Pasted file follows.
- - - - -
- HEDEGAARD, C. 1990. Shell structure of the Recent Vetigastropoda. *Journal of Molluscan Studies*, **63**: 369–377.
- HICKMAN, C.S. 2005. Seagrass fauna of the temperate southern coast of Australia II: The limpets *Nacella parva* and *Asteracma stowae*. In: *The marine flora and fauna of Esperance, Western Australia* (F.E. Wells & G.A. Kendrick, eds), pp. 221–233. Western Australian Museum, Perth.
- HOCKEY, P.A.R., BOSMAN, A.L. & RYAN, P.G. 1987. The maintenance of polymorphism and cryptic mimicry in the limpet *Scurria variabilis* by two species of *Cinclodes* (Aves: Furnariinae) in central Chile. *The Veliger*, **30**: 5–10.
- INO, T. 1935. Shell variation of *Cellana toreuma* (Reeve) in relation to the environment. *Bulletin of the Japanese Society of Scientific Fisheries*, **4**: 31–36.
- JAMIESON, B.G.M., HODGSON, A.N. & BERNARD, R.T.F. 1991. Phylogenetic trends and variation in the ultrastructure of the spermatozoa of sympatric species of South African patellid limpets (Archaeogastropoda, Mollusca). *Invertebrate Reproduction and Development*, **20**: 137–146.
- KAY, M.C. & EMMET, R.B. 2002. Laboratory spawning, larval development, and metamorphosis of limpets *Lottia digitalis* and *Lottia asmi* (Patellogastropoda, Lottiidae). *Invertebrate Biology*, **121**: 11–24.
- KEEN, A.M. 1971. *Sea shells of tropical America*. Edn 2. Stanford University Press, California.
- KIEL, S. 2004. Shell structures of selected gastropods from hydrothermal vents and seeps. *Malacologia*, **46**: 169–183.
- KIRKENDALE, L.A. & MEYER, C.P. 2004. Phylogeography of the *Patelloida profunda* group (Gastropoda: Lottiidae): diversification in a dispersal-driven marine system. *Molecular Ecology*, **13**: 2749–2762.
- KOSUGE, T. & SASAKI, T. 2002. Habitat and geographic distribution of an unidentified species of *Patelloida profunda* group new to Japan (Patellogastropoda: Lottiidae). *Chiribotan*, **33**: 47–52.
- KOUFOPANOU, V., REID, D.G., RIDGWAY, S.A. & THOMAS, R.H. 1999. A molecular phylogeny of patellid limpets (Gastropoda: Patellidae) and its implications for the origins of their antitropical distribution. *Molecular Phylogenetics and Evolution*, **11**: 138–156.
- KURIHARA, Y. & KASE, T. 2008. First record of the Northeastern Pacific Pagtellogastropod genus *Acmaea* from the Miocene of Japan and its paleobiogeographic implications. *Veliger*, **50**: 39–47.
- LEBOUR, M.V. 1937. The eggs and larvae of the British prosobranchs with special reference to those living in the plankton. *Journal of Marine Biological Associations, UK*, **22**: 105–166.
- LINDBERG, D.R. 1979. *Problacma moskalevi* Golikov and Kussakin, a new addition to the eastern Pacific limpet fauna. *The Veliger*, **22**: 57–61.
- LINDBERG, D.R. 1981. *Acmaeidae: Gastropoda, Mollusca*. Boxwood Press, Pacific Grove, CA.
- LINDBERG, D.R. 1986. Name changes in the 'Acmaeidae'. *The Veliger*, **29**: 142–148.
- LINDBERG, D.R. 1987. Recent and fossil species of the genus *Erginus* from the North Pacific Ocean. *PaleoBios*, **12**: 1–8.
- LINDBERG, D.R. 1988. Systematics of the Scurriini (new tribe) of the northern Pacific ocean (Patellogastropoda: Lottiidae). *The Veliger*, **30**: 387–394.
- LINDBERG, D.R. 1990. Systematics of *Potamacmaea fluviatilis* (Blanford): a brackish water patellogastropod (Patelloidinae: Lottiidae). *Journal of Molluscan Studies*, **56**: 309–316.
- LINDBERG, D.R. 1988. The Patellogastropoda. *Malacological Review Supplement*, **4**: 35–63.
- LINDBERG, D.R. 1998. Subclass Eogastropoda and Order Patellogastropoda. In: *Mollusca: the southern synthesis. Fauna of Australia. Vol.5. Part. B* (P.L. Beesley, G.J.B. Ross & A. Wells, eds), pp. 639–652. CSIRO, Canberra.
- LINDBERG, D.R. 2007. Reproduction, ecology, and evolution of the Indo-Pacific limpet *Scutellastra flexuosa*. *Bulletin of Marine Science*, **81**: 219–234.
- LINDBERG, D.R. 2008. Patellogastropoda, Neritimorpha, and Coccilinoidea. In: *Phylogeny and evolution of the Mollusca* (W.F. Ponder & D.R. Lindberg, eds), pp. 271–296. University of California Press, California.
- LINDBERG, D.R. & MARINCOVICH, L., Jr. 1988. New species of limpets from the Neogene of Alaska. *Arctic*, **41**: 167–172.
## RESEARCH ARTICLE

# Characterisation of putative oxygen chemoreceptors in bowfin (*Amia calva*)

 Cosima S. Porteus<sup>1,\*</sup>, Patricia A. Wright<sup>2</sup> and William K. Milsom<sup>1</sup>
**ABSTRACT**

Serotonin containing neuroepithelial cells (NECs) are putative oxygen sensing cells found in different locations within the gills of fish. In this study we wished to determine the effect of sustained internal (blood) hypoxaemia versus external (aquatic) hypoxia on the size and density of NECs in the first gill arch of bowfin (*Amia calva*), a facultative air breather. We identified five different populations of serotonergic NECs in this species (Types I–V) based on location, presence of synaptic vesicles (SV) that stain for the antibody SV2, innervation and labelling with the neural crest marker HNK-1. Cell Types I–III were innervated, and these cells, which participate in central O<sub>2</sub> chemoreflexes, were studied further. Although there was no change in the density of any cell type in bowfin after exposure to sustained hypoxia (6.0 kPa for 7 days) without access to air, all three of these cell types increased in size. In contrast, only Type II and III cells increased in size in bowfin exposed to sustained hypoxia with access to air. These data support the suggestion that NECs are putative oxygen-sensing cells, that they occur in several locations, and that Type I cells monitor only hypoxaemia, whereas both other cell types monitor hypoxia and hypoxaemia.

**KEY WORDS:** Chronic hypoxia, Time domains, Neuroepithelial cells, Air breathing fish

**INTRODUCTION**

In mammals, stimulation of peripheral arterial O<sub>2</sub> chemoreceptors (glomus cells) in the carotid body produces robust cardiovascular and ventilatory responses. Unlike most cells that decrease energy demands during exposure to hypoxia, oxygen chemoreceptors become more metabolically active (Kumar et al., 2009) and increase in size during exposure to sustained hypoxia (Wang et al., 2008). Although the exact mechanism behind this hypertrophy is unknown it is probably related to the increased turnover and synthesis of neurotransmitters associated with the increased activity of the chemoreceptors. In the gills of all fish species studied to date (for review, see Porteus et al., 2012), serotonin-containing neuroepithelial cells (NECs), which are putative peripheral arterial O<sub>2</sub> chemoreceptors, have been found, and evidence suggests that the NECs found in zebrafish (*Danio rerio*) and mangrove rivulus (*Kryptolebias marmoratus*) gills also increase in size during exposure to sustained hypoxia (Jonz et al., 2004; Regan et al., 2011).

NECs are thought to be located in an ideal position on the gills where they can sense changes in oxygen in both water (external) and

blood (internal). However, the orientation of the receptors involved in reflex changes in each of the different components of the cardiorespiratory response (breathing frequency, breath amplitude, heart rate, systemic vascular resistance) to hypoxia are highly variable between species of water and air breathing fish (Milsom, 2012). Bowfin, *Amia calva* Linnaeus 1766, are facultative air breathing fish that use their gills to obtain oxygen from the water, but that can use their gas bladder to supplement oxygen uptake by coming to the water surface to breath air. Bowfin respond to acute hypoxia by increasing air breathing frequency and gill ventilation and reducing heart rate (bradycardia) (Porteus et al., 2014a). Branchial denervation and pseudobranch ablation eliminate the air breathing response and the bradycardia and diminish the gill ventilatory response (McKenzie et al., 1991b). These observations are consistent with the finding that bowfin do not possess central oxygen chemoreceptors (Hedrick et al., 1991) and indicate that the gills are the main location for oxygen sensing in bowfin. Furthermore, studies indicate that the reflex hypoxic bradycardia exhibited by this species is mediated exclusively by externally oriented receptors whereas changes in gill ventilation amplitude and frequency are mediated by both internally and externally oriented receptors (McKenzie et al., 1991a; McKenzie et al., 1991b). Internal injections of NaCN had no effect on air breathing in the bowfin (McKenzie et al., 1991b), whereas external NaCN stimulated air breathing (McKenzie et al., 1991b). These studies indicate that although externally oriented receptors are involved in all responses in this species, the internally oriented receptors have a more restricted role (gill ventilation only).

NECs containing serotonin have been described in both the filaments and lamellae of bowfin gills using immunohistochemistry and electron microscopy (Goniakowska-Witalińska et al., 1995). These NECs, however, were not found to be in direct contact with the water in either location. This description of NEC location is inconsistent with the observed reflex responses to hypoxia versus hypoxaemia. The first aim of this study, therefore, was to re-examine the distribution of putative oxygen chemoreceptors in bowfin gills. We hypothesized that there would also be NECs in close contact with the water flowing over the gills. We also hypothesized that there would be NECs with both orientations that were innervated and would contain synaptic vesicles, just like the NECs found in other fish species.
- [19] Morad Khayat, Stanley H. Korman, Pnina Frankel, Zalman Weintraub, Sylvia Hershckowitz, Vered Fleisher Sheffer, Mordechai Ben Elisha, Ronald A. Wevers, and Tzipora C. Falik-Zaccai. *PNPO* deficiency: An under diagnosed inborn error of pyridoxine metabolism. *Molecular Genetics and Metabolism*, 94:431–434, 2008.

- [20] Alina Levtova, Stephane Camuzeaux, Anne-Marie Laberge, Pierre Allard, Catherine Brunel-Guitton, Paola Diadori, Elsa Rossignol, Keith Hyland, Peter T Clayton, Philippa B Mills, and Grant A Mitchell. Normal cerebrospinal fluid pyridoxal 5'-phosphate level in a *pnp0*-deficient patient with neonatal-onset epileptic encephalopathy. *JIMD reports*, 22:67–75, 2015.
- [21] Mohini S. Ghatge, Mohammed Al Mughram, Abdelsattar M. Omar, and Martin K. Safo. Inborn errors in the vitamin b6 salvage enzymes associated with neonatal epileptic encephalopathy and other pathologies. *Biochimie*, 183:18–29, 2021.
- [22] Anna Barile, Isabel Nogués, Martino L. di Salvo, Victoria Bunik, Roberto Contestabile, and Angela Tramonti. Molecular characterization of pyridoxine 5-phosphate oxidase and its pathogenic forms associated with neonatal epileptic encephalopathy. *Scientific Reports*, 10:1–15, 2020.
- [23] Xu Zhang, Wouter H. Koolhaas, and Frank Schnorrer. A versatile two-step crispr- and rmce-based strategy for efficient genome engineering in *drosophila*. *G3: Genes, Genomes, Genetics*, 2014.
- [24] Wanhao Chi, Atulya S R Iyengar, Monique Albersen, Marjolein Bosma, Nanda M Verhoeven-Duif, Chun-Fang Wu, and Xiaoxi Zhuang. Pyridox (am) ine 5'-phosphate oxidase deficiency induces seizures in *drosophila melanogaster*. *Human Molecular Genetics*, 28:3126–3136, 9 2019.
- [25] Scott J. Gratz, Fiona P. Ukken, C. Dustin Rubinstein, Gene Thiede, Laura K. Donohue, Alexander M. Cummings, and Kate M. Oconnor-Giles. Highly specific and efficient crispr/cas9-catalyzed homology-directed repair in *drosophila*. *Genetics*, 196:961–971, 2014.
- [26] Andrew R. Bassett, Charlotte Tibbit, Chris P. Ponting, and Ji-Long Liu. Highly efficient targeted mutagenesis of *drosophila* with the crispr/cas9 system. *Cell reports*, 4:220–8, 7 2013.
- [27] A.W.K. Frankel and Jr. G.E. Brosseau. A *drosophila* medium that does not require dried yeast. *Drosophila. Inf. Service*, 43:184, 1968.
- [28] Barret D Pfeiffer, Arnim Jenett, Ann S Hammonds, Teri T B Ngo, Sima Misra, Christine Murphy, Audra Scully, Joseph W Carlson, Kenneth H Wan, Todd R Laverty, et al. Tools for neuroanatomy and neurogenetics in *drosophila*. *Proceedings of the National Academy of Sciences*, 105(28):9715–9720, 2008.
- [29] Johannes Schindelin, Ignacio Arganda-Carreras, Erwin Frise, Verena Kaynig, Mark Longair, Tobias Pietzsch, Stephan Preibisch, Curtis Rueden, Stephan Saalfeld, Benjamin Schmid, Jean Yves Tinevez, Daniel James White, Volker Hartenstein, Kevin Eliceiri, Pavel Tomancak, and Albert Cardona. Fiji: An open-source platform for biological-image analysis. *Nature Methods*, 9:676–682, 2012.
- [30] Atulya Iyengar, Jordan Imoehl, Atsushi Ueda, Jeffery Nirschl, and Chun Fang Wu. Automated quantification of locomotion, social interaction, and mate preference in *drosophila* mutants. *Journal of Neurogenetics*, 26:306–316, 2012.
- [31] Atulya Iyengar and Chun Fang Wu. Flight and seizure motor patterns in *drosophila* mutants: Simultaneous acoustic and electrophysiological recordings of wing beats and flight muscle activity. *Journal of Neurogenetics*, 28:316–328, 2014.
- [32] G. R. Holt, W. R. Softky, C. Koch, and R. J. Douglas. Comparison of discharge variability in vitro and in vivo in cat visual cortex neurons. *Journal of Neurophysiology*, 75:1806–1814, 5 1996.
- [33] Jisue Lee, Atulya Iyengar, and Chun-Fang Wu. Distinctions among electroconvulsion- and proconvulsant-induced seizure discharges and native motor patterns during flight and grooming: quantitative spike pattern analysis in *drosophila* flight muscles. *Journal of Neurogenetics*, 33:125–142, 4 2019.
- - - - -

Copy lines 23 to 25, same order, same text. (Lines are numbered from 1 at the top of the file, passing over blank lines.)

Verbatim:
- LINDBERG, D.R. 2008. Patellogastropoda, Neritimorpha, and Coccilinoidea. In: *Phylogeny and evolution of the Mollusca* (W.F. Ponder & D.R. Lindberg, eds), pp. 271–296. University of California Press, California.
- LINDBERG, D.R. & MARINCOVICH, L., Jr. 1988. New species of limpets from the Neogene of Alaska. *Arctic*, **41**: 167–172.
## RESEARCH ARTICLE